Contemporary art in Madrid and Barcelona Featured

The fascination of new art in museums and galleries

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26 April 2011

Madrid offers some truly exceptional contemporary art experiences. First of all, CaixaForum Madrid, in a building refurbished by Herzog & De Meuron. It was originally a power station in brick, and the architects removed the ground floor so that what is left seems to be floating in mid-air. It presents exhibitions, music and poetry festivals, multimedia art and much more. It also features Spain's first vertical garden, a wall of 15,000 plants.

A temporary exhibition running until 19 June 2011 is dedicated to photographer Jacques Henri Lartigue, famous for his shots that brilliantly crystallize moments of everyday life. CaixaForum is on Paseo del Prado 36 (near the classic museums, Prado, Reina Sofia and Thyssen Bornemisza), and it is open every day from 10 a.m. to 8 p.m., admission free.

There are of course many contemporary art galleries in Madrid, but one of the most interesting is Galeria Espacio Minimo, on Doctor Fourquet 17. The gallery presents a selection of international artists, and also provides a good portrait of the state of new Spanish art with a fascinating stable of gallery artists. The show dedicated to recent work by Nono Bandera (born in Malaga in 1958) runs until 7 May 2011, and it presents the artist's highly topical technique of combining seemingly disparate visual motifs. For more information, see www.espaciominimo.net

Barcelona offers a feast of contemporary art for visitors to the city. First of all, the Museu Picasso, the gallery that receives most visits in Barcelona with over a million visitors a year. Picasso was born in Málaga in 1881, but his family moved to Barcelona when he was 10. The artist left the city only when he travelled to Paris in 1904. Many of the museum's works were donated by the artist himself, his wife and his friends. It is the largest collection of work by Picasso, in a chronological sequence that illustrates the development of his style over the years, starting from his wholly classical portraits and landscapes (many of which painted in Barcelona), to the blue and rose periods, followed by the various forms of Cubism, and on to the styles of his maturity.

Some of his sketchbooks give a striking impression of his incredible creativity and artistic energy, and the early works are incredible for their maturity, even though he created them at the age of just 14 or 15. Possibly the highlight is a series of 58 paintings based on Las Meninas, a painting by Velásquez. The museum also runs temporary exhibitions, and until 29 May 2011, the show is "Caricatures from the front," with works dating from the period of the Spanish Civil War and the Second World War. From 1 July to 16 October 2011, the temporary show will be "Devouring Paris. Picasso 1900-1907," which compares works by Picasso made in that period with others by Cézanne, Toulouse-Lautrec, Bonnard, Rodin, Steinlen, Gauguin and Van Gogh. The museum is on Montcada 15-23, Barcelona, open Tues-Sun 10 a.m.-8 p.m., closed on working Mondays. €10. For further details, see museupicasso.bcn.es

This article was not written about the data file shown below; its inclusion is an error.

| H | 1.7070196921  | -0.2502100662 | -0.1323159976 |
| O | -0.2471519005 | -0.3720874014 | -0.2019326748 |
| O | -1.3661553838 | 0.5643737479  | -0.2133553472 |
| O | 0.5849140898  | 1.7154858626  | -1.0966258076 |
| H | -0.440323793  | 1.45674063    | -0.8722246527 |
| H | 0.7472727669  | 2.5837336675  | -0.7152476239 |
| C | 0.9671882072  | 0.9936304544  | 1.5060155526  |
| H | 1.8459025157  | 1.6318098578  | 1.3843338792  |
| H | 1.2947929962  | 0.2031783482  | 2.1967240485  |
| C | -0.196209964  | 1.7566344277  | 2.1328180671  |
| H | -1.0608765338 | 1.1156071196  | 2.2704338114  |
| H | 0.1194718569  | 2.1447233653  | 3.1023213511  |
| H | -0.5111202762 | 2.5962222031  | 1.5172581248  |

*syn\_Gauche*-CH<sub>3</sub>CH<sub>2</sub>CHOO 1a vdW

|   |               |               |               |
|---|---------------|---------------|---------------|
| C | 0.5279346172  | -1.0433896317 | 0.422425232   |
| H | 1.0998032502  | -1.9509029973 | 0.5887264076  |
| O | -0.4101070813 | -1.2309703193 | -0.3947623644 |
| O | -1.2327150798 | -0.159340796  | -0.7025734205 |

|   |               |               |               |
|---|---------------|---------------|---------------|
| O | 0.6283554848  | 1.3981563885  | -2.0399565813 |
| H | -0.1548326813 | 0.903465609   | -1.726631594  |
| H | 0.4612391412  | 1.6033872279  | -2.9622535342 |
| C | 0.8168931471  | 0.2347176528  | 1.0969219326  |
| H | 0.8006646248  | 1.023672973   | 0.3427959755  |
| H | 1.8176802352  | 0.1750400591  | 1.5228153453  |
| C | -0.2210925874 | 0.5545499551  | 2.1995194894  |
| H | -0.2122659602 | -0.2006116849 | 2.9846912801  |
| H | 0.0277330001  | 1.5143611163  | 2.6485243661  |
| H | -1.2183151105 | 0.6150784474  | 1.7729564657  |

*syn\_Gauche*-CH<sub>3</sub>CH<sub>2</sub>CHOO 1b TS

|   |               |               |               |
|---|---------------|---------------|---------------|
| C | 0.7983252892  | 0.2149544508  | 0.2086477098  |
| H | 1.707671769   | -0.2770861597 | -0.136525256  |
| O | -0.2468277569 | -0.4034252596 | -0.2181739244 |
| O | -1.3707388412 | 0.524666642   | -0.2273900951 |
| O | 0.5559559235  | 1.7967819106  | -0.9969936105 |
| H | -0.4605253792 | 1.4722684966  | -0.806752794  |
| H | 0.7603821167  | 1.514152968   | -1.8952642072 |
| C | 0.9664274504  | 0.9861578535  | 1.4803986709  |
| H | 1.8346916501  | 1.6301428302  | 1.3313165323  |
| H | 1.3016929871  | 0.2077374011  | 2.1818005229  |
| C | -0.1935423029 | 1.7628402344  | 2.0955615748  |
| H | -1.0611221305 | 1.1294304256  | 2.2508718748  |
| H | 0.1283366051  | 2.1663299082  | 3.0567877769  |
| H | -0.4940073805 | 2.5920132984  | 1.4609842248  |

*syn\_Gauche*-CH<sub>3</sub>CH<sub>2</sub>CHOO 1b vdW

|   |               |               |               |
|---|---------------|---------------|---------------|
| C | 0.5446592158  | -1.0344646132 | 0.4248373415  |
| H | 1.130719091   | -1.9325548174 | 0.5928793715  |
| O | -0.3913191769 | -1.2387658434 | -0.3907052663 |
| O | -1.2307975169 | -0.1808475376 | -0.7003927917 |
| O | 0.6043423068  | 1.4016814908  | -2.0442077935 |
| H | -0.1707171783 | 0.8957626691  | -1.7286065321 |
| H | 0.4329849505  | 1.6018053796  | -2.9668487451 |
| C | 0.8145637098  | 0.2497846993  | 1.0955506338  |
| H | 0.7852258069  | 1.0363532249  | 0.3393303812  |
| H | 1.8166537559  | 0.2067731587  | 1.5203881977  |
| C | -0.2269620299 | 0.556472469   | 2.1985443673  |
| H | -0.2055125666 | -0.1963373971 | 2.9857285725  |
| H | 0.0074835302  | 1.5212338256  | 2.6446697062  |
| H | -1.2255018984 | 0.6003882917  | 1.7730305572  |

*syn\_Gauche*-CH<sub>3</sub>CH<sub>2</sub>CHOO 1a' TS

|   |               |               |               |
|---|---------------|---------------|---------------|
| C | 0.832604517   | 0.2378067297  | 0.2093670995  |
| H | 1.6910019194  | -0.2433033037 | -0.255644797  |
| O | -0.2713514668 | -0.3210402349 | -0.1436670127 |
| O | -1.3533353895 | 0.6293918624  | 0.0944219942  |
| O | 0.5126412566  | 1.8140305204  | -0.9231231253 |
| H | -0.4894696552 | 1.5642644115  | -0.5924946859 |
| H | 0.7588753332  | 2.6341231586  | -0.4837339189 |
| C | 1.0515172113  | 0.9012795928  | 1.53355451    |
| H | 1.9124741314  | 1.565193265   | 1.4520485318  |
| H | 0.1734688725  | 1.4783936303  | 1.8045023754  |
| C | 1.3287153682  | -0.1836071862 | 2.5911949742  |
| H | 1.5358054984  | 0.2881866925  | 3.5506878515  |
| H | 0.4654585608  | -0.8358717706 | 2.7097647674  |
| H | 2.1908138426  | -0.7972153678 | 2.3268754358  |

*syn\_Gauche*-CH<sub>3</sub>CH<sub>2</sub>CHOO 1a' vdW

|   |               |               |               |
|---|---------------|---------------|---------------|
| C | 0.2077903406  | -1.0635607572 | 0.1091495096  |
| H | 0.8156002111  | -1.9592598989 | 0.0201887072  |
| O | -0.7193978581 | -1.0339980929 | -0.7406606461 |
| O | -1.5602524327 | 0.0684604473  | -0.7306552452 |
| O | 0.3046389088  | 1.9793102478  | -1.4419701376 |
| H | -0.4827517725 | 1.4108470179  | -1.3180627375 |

The Fundación Joan Miró presents a good collection of the painter's work, with paintings, sculptures, tapestries and early sketches, for a total of 14,000 pieces, many of which were donated by the artist himself. However the museum's work also includes a fascinating review of the latest trends in contemporary art, with a series of temporary exhibition. These include Genius Loci, until 5 June 2011, which is based on the audio guide concept common to most museums today. A selection of contemporary bands - Els Amics de les Arts, Hidrogenesse, Ila Carolina, Manos de Topo, The Pinker Tones and others - were invited to present a song in one of the rooms, also creating a visual installation expressing their feelings about being musicians in Barcelona. The resulting works have something in common with Marcel Duchamp and Andy Warhol. The museum is housed in a building designed by Josep Lluís Sert, a friend of Miró's, in a pure but creative Rationalist style. Don't miss the roof ferraces, from which there are some fine views of the city. The museum is on Parc de Monjuic, Barcelona, €8.50. Further info from www.bcn.fjmiro.es

The Barcelona Museum of Contemporary Art has a good collection of 20th century art. Its permanent collection is exhibited together with thematic shows, and the current show was designed to present an interpretation of how contemporary art has developed from changes that occurred in the 1950s. Its temporary shows include "Thoughtform" by The Otolith Group, founded in London in 2002, using meta-documentary videos to present reflections on contemporary society and aesthetics. The building was designed by American architect Richard Meier; it is located on Plaça dels Angels 1, Barcelona, with opening times that change at different times of year; basically it is open every day except Tuesdays from 11 a.m. to 8 p.m., closing early on Sundays. €7.50. Further info www.macba.es

The Nogueras Blanchard gallery in Barcelona presents some innovative contemporary artists. In April-May, Michael Lin will be showing his colourful installations. The artist, born in Tokyo in 1964, creates works that are generally priced from €10,000 to €50,000. From May to July, there will be a group show curated by Direlia Lazo, with artists likely to include some newer names with prices ranging from €300 upwards. The gallery is at Xucla 7, 08001 Barcelona, tel. +34 93 3425 721, www.noguerasblanchard.com. Open Tuesday to Friday 10.30 a.m. to 7 p.m., Saturday 12 noon to 7 p.m.